By Mark Loundy
Paper or plastic? Leaded or unleaded? Betty or Wilma?
Life is full of tough choices. The toughest for freelancers is whether to sign a Work Made For Hire (WFH) contract. But the choice is more fundamental than many realize. It's not a just choice of signing or not, it's a choice of professions.
Richard Owen, a freelancer from Florida, wrote on NPPA-L, "People just getting into the profession still have rent to pay, food to buy, equipment to keep maintained, etc. Sometimes you have to do something in order to survive."
He's right, but survival is more than just getting a check. Survival is for the long run. That's why even a rookie shooter has to start with sound business practices. If you want to operate a money-losing business, it'll have to be subsidized by your spouse or your parents. Or maybe Lotto.
Signing a WFH contract without adequate compensation or working for money-losing rates sets you up for financial failure. You'll never be able to raise your rates for your existing clients and you will have contributed to the not-so-slow decline of rates and deterioration of contracts.
The sorry fact is that the nearly the entire newspaper industry is no longer a viable market for freelance editorial photographers.
Conan Owen wrote on NPPA-L, "There are too many photojournalists in this world." He went on to say that publications have, "no shortage of capable photographers who will go to great lengths, suffer great hardships (including lower pay) and crawl over their fellow photographers to get a day-rate and a by-line..."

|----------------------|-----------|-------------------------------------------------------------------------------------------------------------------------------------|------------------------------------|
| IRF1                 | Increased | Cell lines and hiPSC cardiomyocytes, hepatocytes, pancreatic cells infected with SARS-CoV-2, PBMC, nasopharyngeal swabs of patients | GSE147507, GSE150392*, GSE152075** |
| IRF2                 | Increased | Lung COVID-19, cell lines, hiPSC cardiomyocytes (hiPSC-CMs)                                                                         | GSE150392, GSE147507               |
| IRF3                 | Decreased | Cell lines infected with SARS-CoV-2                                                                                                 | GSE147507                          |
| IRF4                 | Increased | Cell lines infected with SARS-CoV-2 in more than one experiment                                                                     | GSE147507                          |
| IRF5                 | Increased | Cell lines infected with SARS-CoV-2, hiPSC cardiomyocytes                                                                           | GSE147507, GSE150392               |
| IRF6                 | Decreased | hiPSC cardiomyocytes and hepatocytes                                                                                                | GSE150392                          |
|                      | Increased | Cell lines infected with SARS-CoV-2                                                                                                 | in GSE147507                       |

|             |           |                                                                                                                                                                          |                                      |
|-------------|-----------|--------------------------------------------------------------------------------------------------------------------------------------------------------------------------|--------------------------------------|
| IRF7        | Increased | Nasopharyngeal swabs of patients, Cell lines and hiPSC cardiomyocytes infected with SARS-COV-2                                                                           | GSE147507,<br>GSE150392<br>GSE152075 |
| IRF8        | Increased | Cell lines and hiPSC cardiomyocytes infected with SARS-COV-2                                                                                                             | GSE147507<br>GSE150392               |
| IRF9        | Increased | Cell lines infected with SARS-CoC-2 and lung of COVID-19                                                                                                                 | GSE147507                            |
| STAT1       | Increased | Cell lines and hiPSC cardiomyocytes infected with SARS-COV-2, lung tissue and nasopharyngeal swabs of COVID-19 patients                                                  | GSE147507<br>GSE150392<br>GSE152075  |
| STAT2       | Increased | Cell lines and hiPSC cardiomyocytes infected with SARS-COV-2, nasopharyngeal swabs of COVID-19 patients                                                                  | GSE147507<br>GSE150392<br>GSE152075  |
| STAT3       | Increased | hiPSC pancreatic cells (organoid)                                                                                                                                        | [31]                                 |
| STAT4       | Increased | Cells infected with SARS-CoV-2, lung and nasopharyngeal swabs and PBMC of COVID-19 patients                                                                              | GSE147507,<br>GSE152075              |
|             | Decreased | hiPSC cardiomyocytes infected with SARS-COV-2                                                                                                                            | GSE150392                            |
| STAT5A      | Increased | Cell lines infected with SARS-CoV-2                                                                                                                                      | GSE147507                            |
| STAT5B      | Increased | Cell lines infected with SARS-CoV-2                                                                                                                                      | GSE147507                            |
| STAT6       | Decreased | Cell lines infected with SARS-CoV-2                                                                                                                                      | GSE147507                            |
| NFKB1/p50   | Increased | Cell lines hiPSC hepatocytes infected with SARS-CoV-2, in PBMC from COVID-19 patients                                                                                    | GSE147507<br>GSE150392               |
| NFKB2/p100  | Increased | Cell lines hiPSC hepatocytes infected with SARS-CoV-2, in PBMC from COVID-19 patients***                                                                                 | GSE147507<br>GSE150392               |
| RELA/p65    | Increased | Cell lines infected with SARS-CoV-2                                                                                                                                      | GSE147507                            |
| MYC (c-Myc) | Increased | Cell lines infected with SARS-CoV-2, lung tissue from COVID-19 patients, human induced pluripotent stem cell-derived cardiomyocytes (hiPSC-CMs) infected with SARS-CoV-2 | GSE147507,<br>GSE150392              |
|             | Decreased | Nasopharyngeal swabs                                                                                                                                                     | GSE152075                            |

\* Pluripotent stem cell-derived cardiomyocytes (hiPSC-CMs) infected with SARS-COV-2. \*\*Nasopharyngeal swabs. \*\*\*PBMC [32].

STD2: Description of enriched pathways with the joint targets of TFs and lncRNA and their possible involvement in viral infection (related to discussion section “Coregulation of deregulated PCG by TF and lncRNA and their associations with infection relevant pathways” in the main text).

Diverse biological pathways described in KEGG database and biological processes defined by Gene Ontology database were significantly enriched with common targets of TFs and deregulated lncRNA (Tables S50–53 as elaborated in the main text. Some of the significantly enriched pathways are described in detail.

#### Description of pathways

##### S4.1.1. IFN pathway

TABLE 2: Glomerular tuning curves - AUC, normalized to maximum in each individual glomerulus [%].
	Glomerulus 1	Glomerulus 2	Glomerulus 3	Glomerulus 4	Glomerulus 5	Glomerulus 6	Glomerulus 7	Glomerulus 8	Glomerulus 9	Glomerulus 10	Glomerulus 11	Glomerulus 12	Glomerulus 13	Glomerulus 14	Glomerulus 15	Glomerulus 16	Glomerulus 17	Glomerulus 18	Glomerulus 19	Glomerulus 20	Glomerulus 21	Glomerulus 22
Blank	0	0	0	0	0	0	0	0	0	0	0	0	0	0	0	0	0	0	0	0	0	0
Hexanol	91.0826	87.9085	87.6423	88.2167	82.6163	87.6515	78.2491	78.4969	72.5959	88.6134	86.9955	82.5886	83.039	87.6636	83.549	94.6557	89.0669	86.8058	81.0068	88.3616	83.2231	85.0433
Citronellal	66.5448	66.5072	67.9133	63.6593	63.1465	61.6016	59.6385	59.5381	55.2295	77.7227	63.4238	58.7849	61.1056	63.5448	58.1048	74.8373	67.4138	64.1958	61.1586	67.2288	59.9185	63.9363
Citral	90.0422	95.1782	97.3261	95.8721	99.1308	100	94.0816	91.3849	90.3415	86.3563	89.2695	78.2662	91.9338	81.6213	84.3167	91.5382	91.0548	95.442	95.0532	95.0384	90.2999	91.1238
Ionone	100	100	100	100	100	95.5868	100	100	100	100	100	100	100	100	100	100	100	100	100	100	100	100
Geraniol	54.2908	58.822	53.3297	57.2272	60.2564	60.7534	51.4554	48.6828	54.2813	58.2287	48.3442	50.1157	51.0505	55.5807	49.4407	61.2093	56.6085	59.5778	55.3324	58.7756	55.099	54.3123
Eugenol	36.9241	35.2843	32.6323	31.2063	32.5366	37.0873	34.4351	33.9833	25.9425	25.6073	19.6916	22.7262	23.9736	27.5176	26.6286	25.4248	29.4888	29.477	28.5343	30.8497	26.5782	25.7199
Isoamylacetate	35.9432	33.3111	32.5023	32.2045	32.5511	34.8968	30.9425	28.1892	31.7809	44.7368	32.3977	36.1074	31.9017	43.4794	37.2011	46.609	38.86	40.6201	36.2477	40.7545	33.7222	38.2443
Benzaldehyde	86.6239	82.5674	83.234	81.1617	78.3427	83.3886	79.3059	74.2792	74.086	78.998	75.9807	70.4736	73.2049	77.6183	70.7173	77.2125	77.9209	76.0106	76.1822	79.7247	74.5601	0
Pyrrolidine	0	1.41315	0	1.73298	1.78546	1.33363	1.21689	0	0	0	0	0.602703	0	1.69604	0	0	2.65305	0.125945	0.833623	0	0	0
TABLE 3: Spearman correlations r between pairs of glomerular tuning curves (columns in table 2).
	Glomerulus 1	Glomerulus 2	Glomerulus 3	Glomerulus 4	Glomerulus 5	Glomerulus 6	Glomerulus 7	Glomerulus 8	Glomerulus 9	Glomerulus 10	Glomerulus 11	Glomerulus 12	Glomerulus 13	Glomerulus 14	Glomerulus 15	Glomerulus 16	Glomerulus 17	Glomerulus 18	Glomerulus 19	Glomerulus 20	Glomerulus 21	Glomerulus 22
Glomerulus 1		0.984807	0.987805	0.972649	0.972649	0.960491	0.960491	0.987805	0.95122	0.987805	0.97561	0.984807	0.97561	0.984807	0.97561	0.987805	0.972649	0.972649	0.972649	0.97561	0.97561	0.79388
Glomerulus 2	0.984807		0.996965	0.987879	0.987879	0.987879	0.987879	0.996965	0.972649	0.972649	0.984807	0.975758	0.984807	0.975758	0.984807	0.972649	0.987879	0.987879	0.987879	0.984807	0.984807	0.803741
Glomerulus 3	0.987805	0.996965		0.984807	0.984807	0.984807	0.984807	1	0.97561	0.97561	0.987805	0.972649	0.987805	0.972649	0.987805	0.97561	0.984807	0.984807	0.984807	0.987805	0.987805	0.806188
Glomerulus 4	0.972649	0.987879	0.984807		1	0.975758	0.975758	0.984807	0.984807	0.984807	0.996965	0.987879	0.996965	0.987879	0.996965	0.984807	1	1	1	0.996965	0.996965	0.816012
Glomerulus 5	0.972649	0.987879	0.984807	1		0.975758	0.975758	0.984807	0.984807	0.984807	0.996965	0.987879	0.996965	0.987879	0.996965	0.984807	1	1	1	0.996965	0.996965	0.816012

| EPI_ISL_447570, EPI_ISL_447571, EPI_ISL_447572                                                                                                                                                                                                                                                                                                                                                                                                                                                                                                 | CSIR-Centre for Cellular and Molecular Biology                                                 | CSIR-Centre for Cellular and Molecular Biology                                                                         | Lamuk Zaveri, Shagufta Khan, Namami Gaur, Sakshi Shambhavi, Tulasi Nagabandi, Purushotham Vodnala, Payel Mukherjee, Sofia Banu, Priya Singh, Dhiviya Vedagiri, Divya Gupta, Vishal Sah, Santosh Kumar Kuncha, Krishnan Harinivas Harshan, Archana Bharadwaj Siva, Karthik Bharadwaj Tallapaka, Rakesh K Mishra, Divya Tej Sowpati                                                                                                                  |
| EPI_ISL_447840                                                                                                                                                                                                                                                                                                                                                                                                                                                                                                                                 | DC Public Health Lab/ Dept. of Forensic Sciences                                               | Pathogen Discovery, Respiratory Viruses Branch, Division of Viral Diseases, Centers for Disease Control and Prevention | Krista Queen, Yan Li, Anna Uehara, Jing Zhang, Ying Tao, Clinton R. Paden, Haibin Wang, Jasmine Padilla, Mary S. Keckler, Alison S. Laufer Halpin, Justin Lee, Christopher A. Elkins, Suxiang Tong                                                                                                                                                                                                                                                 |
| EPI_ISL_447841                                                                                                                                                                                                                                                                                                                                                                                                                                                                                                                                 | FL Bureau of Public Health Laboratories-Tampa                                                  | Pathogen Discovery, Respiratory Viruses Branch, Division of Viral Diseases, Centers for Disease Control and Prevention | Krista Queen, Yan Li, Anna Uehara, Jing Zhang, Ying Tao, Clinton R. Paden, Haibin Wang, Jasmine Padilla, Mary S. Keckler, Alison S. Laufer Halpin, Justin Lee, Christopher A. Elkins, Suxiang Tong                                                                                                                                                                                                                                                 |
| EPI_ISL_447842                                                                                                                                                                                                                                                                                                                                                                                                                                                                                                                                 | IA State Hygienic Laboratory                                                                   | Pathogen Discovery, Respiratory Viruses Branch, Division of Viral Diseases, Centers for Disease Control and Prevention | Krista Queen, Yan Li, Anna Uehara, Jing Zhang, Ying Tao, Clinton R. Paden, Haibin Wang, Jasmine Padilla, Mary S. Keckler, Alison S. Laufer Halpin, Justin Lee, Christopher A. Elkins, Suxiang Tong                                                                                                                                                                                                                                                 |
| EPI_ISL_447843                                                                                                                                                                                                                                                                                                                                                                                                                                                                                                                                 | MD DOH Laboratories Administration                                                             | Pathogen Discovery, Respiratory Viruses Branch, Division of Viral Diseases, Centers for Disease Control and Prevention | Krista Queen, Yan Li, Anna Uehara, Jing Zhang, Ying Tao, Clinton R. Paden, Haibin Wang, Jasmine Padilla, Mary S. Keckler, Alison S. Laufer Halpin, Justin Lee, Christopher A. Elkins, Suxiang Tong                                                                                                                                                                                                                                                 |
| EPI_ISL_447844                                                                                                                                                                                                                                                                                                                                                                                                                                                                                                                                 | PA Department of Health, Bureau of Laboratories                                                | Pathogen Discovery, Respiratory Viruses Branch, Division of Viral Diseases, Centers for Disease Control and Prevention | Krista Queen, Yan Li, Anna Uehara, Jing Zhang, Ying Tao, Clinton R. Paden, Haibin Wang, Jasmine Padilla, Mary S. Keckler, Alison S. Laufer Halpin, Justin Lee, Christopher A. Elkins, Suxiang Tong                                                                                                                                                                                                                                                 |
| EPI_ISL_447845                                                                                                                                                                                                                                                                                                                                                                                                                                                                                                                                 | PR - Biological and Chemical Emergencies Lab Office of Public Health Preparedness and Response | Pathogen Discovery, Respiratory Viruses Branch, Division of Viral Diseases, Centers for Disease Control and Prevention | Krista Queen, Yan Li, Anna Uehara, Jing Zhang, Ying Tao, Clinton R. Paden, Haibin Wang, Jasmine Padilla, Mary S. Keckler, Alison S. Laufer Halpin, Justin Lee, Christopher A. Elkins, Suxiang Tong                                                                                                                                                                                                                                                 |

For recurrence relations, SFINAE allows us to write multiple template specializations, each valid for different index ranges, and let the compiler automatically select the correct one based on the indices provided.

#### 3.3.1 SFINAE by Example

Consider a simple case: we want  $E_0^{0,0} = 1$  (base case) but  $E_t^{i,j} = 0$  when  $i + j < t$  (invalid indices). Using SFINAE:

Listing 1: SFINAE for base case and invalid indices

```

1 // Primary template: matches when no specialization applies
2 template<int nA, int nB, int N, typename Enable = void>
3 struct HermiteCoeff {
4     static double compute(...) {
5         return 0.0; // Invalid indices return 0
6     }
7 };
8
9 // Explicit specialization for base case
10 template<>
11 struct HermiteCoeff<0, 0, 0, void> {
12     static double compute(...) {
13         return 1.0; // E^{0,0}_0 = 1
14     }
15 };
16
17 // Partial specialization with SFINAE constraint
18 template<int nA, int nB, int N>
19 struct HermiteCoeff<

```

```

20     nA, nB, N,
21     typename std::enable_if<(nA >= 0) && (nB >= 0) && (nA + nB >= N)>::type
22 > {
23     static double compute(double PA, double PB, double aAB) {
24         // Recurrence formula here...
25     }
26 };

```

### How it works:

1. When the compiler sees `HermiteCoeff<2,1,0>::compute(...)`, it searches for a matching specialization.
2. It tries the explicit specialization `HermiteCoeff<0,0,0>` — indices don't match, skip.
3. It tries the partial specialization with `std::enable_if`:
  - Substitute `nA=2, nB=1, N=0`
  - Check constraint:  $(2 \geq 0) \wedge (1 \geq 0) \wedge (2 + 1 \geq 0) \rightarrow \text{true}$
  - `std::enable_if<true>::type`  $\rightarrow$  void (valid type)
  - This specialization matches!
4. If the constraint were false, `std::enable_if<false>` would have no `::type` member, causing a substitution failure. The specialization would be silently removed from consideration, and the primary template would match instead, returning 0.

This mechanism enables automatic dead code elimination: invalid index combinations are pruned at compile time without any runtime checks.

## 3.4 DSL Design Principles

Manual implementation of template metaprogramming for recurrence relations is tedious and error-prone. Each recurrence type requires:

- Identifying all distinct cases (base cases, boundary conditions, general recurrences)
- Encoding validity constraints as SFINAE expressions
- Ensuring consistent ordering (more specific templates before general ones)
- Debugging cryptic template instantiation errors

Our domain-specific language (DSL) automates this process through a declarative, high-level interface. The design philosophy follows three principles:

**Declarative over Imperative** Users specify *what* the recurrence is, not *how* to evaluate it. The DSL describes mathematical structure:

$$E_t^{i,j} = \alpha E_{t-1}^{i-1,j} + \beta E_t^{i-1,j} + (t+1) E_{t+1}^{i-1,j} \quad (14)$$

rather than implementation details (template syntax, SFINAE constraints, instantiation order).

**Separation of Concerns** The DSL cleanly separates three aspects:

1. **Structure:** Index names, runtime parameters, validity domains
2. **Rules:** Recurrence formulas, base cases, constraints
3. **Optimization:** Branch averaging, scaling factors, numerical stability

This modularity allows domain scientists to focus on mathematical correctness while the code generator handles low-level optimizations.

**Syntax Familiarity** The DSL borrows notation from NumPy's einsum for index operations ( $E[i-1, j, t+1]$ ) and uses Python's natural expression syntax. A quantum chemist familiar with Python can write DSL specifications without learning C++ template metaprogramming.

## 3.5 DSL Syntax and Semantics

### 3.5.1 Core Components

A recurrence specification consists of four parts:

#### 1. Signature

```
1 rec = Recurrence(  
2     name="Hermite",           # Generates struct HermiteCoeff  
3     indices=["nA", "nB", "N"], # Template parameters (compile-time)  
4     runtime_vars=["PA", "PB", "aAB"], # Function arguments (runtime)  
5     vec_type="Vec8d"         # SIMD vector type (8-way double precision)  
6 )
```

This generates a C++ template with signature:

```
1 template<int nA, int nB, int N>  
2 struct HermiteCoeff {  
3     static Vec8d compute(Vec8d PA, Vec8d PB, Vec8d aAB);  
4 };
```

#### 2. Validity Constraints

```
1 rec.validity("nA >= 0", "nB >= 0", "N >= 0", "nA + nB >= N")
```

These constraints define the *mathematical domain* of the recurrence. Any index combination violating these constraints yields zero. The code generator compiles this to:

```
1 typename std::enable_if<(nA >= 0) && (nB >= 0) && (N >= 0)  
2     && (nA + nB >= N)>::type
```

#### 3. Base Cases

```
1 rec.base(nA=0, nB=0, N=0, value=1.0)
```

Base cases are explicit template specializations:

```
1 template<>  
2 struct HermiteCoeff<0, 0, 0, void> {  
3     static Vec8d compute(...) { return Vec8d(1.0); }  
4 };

Conan is right. One solution is to reduce the supply of photographers. This can happen in two ways:
Freelancers can continue on as they have. Eventually, they will go out of business. (Would you like fries with that?)
Freelancers can adopt sound business practices. This will reduce the supply of cheap photographers running failing businesses. Publications will be forced to increase their photo budgets or reduce the amount of photography they use.
Photographers who operate real businesses are faced with a tough choice. Sign only livable agreements, or do something else for a living. Even those living in denial (not the river in Egypt) will eventually be forced to choose.
More from Richard Owen (too many "Owens,") "Let's work at changing what stops us from organizing like the Screen Actors Guild and build some organization into something with some LEGAL teeth behind them." That's why the Conyers bill is so important. If you haven't already contacted your congressional representative about it, use the links blow to do so.
Now back to those choices. Samantha or Jeannie... candy mint or breath mint?